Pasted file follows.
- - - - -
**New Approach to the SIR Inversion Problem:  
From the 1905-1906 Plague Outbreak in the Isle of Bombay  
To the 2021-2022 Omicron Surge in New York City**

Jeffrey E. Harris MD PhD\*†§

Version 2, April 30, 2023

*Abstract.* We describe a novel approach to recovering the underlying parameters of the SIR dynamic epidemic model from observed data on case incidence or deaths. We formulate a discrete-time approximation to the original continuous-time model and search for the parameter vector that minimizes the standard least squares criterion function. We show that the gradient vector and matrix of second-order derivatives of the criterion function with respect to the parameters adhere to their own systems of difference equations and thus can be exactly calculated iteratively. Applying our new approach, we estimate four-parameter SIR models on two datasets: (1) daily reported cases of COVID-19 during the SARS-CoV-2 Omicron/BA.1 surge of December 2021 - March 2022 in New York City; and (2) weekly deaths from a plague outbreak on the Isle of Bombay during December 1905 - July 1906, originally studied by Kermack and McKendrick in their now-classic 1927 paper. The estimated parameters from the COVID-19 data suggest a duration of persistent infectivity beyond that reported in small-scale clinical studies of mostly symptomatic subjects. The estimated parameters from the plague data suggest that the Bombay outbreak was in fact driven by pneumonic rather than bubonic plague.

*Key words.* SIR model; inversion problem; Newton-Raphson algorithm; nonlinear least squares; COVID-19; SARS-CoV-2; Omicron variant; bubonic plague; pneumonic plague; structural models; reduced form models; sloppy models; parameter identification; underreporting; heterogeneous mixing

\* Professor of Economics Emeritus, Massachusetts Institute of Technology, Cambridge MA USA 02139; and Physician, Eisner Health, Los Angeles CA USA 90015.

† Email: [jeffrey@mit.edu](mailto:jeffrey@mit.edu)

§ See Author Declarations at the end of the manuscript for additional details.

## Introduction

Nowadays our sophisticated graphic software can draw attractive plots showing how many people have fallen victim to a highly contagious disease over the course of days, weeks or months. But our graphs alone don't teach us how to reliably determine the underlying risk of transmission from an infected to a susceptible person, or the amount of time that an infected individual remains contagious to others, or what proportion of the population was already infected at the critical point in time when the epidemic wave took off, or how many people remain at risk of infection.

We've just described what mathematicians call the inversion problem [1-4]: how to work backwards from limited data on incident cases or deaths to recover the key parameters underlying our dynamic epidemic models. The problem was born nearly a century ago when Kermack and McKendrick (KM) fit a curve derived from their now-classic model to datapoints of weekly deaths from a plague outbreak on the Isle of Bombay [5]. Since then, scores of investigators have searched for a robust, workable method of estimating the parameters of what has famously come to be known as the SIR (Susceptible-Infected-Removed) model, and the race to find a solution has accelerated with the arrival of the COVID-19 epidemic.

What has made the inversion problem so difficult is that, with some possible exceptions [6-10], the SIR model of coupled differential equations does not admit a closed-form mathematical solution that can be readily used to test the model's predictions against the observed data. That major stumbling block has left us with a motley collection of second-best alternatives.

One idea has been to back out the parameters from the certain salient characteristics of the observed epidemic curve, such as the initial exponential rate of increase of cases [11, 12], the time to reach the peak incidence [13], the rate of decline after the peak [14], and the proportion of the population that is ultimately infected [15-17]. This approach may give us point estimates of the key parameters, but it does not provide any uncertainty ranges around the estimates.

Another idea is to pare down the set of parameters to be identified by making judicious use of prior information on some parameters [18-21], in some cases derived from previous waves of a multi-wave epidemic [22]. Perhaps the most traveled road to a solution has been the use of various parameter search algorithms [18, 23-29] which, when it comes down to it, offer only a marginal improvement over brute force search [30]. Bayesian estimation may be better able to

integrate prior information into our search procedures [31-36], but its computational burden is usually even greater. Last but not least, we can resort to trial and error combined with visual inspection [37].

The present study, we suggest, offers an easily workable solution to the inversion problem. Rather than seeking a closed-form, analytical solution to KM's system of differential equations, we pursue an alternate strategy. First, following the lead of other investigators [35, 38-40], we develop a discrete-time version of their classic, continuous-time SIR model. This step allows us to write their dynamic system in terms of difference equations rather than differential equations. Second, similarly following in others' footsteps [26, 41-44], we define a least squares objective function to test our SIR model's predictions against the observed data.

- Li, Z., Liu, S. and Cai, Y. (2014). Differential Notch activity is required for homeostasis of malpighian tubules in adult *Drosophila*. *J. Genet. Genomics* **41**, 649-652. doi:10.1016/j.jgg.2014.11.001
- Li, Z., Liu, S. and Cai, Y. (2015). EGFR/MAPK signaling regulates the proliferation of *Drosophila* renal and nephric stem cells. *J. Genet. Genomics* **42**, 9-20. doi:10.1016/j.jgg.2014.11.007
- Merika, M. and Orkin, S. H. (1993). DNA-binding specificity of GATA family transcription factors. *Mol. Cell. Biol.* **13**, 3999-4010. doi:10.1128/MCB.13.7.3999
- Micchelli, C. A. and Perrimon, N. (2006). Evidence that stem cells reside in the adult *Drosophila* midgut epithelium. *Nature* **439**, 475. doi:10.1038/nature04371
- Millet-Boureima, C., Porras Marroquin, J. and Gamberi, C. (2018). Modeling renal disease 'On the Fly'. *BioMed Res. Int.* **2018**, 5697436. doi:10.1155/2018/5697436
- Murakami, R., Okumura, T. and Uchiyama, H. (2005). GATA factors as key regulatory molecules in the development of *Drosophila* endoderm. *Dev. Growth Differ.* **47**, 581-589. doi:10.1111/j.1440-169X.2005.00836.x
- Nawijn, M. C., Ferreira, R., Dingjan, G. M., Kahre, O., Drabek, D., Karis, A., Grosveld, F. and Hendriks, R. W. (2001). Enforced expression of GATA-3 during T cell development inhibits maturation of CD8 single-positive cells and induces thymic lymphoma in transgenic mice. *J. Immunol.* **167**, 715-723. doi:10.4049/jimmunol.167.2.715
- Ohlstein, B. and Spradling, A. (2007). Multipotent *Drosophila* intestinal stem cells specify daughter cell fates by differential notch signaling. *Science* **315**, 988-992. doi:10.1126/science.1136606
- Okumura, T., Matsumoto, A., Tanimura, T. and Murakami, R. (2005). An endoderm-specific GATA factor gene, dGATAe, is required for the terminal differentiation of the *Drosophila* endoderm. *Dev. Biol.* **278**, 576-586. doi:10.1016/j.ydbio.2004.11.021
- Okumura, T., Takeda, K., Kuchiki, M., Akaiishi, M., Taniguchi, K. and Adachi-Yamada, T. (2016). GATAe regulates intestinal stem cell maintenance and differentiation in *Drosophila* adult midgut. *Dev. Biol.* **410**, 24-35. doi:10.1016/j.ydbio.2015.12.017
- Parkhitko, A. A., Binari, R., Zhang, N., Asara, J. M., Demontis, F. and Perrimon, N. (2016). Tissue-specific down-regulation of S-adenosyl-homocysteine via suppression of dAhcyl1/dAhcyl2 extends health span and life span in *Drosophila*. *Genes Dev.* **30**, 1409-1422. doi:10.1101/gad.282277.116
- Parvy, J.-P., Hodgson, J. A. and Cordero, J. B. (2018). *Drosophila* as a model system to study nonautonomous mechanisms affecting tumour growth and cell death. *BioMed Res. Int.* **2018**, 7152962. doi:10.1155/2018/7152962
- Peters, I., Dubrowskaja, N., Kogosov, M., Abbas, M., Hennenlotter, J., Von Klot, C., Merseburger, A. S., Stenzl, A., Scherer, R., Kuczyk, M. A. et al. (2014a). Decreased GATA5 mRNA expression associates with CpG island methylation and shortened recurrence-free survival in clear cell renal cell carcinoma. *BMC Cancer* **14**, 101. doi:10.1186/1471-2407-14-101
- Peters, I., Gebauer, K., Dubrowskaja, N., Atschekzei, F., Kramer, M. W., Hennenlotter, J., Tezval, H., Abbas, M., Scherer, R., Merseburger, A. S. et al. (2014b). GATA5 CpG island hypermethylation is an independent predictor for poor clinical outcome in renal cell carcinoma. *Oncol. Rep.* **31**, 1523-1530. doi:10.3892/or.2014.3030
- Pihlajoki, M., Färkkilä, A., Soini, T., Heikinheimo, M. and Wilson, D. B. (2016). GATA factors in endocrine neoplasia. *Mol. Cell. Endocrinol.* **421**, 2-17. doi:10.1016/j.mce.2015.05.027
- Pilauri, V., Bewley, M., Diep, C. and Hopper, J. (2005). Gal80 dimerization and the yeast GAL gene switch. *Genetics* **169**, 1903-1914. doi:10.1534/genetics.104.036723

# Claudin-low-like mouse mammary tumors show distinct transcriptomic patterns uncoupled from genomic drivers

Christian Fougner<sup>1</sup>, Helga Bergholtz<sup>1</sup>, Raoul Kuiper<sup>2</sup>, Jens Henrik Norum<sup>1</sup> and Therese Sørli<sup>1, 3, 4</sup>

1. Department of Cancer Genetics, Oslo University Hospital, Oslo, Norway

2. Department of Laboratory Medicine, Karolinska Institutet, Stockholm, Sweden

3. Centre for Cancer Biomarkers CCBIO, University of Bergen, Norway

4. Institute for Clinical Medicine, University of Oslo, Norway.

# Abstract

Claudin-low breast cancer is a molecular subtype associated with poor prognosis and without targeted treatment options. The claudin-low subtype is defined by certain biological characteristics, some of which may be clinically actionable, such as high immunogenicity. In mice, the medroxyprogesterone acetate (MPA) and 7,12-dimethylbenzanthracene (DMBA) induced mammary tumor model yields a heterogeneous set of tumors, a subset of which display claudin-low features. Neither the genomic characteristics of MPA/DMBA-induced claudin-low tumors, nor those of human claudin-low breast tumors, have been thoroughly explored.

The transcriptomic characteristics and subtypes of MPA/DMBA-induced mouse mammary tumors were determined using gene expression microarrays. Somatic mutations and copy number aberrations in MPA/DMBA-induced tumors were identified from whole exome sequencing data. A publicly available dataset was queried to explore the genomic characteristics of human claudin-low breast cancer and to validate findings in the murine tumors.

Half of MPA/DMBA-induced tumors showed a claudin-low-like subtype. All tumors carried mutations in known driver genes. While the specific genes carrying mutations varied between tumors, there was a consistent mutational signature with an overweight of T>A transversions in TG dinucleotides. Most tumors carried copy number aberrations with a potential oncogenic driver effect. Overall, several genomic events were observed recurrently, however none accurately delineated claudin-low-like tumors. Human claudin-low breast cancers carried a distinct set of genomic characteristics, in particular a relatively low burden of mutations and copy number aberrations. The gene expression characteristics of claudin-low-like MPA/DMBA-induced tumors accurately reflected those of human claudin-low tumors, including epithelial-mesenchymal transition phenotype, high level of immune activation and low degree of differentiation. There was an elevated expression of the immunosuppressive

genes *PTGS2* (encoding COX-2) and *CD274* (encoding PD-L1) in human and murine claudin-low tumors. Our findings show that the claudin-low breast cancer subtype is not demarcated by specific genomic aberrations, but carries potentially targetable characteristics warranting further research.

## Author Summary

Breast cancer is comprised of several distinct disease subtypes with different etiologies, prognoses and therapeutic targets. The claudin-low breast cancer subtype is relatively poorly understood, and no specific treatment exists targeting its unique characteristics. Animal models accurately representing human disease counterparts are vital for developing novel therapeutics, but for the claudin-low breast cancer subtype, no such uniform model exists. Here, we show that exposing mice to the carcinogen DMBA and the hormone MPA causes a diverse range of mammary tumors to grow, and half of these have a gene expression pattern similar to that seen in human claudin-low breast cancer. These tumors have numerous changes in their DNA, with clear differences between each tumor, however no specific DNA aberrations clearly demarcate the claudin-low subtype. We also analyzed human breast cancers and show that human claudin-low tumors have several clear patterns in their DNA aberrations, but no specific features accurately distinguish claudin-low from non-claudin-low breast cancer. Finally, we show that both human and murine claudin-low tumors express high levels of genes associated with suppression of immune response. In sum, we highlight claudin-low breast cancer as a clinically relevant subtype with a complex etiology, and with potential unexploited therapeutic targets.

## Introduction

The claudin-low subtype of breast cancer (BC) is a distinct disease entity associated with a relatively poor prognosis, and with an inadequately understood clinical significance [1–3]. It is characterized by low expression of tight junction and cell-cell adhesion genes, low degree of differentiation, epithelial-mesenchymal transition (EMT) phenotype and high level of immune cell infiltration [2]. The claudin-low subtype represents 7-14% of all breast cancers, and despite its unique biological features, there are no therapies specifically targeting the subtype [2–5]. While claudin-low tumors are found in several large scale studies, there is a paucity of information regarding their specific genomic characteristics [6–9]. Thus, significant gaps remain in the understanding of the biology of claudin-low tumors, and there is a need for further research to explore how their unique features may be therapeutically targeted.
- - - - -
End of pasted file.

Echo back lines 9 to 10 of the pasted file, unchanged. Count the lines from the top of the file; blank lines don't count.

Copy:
† Email: [jeffrey@mit.edu](mailto:jeffrey@mit.edu)

§ See Author Declarations at the end of the manuscript for additional details.